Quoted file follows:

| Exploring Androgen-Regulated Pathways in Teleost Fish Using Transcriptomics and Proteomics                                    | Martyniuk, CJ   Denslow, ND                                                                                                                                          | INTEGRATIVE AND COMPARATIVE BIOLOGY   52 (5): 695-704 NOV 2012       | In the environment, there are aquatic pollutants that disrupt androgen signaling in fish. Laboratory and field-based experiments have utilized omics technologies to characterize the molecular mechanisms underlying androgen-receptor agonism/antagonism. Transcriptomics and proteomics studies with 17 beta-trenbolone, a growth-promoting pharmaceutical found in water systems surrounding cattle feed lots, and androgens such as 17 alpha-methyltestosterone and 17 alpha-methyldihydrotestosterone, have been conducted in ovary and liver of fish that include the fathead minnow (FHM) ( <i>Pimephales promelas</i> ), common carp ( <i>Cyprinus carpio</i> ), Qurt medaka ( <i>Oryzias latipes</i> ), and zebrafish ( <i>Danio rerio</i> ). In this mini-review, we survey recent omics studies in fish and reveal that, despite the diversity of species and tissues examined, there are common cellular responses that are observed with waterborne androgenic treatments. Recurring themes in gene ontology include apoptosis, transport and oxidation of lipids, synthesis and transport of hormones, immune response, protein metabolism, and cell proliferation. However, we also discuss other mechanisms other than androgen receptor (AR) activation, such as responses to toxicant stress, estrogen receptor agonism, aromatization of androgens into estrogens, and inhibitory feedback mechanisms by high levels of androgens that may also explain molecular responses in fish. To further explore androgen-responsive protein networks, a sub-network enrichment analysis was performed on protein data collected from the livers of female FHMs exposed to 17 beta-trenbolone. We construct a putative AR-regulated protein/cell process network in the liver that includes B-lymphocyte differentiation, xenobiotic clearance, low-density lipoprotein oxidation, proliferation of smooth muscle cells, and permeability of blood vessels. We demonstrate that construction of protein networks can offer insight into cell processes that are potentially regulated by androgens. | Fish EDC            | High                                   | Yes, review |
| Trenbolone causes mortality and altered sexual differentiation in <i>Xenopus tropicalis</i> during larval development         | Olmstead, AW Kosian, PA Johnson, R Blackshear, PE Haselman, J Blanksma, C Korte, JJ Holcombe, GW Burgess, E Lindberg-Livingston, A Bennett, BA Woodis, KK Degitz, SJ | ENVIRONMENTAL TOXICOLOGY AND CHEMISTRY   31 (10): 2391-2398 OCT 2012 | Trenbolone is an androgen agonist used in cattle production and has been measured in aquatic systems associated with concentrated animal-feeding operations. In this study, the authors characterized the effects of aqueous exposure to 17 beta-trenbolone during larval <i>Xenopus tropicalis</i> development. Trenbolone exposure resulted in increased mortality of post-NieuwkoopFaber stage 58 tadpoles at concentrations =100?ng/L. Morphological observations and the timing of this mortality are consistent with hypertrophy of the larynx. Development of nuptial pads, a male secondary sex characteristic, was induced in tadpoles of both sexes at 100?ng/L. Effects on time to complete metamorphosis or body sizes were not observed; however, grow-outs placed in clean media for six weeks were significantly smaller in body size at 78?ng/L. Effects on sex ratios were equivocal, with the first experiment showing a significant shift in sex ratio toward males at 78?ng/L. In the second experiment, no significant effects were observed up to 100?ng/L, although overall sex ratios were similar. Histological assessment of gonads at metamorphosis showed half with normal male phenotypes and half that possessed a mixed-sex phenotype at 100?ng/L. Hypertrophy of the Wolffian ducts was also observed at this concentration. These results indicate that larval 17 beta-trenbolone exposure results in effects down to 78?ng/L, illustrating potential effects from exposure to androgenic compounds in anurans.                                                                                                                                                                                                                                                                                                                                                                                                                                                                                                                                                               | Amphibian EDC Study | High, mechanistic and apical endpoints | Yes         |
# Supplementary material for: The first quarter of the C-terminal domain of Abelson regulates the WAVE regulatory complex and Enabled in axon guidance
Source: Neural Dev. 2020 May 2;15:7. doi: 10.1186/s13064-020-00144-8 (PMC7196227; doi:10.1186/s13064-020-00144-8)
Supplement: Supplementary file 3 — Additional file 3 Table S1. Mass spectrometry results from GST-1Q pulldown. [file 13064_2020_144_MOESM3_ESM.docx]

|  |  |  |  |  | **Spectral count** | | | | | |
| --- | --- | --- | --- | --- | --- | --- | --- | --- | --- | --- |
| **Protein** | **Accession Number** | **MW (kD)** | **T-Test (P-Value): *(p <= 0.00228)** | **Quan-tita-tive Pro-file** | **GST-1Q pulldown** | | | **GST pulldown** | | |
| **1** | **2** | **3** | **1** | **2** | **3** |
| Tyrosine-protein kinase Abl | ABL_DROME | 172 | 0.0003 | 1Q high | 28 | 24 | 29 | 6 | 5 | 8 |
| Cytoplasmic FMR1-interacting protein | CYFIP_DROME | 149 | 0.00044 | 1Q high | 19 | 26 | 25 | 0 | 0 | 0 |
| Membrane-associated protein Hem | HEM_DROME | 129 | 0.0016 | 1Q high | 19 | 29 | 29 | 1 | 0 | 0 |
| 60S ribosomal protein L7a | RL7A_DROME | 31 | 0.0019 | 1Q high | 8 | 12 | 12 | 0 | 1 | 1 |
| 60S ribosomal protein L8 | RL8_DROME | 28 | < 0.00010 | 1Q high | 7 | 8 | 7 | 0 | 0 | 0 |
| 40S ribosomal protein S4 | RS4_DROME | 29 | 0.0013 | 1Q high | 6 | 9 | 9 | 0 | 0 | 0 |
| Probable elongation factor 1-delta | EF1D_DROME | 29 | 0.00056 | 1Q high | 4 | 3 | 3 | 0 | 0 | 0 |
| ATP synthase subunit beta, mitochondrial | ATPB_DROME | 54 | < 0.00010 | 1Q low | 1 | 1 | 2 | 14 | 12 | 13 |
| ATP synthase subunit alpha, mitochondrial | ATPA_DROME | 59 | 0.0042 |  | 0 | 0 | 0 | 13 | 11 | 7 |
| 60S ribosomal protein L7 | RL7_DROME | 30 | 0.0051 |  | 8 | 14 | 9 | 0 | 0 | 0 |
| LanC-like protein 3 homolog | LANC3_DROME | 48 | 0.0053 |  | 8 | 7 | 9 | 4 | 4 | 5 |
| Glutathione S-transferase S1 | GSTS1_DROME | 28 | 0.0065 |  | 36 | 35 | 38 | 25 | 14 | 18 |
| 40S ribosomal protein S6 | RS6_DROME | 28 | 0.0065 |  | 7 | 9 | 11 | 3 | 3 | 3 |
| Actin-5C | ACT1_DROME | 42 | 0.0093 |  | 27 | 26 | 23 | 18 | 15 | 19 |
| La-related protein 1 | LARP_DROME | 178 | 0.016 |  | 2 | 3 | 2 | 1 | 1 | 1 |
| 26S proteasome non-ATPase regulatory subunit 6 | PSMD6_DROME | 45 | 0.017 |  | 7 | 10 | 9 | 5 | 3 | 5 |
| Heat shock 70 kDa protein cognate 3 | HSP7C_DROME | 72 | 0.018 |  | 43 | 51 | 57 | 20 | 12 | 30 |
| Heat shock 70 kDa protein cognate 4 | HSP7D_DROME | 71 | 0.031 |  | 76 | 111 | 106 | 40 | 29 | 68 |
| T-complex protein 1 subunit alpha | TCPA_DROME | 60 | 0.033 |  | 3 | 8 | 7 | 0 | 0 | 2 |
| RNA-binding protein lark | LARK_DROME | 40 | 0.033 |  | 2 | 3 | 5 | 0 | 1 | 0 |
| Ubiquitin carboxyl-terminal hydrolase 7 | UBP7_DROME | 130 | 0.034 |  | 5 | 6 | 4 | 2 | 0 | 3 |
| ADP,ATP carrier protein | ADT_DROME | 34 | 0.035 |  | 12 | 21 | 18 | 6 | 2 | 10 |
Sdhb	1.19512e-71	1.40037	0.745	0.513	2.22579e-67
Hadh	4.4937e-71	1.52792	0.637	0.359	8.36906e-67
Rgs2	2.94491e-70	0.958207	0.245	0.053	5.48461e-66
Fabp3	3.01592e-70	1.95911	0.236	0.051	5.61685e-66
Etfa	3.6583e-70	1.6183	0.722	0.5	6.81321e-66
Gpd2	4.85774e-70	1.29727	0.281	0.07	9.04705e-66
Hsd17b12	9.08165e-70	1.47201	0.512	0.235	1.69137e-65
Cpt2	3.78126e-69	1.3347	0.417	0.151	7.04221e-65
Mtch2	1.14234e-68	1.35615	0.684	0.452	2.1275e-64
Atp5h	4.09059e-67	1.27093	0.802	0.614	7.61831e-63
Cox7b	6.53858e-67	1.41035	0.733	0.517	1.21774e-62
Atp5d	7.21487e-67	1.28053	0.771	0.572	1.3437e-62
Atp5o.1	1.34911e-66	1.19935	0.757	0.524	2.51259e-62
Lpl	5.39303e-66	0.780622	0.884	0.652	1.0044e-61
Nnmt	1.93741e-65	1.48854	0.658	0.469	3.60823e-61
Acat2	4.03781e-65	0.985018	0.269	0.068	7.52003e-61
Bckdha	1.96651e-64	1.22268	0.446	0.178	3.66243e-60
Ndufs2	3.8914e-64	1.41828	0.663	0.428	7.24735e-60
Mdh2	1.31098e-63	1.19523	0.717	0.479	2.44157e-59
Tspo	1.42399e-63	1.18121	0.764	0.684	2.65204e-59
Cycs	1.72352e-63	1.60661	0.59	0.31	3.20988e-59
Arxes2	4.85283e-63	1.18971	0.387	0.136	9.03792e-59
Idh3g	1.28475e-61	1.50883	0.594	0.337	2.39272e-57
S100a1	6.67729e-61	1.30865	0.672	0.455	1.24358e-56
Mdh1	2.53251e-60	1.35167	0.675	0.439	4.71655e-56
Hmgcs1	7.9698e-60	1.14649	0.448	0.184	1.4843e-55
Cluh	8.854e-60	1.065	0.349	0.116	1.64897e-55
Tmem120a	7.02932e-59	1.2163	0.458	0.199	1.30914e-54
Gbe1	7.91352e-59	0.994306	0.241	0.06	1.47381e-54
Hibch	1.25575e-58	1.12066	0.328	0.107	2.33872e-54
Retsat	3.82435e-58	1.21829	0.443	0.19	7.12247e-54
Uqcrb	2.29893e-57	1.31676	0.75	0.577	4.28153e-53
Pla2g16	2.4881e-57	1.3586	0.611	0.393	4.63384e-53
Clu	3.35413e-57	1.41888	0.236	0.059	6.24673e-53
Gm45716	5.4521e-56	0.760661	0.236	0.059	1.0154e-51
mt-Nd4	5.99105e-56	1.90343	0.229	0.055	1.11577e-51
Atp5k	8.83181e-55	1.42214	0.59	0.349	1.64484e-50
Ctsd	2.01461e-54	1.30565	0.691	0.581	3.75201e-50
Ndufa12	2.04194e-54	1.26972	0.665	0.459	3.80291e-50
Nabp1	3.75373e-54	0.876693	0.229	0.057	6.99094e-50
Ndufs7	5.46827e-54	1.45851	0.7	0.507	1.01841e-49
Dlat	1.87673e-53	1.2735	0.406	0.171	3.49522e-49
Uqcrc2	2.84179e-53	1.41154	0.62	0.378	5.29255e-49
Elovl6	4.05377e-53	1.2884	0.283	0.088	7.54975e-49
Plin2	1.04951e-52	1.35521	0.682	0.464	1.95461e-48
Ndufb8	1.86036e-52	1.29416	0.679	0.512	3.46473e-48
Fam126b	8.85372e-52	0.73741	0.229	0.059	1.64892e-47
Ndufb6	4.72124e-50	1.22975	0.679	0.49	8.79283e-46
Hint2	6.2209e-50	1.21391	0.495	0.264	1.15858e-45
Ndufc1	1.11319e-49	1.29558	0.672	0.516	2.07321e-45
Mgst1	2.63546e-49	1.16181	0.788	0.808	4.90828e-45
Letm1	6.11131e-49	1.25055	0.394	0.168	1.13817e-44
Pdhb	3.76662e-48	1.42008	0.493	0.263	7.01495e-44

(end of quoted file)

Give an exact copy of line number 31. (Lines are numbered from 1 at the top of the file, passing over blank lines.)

| ADP,ATP carrier protein | ADT_DROME | 34 | 0.035 |  | 12 | 21 | 18 | 6 | 2 | 10 |